Red Bean Soup
I cannot bring it to the international food fest
at the middle school; it will be returned
like the tea eggs after orchestra practice.
I cannot serve it at a dinner party, even Chinese,
unless it’s an alternate to the cobbler
or I invite a specialized audience.
I never take it to work, though it’s fortifying,
because lunch is dinner reheated;
the Thermos accommodates only one thing.
Now that my family of origin seldom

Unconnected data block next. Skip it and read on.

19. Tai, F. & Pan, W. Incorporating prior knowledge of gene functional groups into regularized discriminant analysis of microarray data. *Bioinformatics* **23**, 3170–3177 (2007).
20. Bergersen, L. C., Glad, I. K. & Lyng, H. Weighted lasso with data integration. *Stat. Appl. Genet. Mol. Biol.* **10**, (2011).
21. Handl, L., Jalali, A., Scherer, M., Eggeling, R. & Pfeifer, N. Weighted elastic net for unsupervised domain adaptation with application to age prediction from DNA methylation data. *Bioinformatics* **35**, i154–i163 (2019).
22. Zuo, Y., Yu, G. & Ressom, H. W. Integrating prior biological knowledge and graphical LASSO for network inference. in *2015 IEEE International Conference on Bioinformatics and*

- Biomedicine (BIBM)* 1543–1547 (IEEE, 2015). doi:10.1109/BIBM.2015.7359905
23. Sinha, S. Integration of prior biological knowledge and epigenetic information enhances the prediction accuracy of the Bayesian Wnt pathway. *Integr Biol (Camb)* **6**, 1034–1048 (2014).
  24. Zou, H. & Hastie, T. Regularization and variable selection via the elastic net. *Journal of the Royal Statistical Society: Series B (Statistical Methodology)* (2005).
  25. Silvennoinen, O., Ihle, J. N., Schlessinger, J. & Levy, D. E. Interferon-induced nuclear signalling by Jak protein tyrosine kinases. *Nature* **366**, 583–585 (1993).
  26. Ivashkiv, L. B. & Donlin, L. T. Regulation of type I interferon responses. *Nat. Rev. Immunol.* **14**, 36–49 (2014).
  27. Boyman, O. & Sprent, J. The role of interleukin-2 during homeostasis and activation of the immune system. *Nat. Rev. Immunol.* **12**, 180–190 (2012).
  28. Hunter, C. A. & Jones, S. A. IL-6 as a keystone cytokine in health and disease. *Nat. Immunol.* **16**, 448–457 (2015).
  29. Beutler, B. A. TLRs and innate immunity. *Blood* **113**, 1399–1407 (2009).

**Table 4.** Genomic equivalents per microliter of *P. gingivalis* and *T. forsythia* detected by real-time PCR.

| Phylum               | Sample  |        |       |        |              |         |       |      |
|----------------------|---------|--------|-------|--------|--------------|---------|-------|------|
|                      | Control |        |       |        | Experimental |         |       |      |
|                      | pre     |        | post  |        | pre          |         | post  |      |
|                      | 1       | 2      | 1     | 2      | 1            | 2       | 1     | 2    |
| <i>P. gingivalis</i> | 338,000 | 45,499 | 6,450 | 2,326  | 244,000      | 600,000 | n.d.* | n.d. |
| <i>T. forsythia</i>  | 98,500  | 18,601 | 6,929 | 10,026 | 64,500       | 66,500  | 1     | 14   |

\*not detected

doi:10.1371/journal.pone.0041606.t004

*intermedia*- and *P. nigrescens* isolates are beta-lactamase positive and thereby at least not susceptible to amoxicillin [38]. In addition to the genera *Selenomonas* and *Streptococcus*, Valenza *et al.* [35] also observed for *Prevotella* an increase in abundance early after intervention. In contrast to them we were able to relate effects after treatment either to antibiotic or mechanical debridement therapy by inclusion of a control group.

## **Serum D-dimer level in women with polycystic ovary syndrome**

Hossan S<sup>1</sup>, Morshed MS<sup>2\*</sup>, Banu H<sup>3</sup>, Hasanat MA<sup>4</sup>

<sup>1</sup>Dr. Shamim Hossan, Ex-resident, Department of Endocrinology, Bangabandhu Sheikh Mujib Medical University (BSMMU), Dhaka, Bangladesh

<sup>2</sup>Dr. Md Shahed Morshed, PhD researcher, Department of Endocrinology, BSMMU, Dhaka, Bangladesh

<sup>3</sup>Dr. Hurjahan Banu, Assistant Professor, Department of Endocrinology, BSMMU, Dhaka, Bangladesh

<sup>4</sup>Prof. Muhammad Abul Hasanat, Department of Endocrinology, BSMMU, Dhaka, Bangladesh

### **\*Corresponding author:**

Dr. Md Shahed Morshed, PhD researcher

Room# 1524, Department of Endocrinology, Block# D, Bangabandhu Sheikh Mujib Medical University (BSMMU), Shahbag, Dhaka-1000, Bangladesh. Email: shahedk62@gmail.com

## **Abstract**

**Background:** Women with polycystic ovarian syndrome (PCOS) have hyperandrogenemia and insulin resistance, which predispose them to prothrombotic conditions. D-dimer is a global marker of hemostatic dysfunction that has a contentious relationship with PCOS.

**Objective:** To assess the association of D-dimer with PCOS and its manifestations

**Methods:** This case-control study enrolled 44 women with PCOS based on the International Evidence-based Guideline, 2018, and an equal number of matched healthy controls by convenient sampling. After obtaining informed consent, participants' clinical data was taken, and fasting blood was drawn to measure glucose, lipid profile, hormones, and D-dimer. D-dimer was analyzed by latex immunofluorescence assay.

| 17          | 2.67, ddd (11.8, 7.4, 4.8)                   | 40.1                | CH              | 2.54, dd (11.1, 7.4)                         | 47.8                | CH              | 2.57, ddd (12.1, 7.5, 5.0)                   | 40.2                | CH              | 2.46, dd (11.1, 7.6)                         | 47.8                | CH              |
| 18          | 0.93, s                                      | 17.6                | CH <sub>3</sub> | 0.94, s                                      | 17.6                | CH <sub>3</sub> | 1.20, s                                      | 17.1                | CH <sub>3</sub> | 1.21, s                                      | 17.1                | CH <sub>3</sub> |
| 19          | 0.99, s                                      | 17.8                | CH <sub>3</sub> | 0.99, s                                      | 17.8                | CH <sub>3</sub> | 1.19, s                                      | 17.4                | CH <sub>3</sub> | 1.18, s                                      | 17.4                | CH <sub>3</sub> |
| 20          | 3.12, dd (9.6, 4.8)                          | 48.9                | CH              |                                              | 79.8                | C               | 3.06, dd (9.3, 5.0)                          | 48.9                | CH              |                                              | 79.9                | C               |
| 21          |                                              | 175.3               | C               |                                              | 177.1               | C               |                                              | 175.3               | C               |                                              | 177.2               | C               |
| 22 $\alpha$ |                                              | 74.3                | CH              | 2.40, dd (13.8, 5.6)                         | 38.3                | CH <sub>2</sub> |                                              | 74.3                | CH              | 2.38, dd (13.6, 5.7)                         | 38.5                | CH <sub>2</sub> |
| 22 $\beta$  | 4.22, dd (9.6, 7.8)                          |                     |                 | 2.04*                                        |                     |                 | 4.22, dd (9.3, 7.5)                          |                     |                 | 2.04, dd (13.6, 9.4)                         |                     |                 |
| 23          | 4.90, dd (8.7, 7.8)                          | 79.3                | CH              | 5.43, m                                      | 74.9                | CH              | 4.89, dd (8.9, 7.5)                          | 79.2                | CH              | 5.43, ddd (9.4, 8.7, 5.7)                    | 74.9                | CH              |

gathers in restaurants, it no longer appears
at meal’s end, a surprise from the kitchen.
Thus red bean soup seems not to exist.
No one demands it for occasions;
it’s too unpopular for potlucks.
Both homey and banquet-worthy, a grace note,
it dwells at both ends of the spectrum,
which is why I nearly forgot:
I’m the one who served pie alone, and failed
to heed the shadow hunger. Now I recall
fried turnip cakes, black sesame paste,
stewed beef tendon – that which means division
or unity – that which I could, if compelled,
live apart from. But it would take a revolution.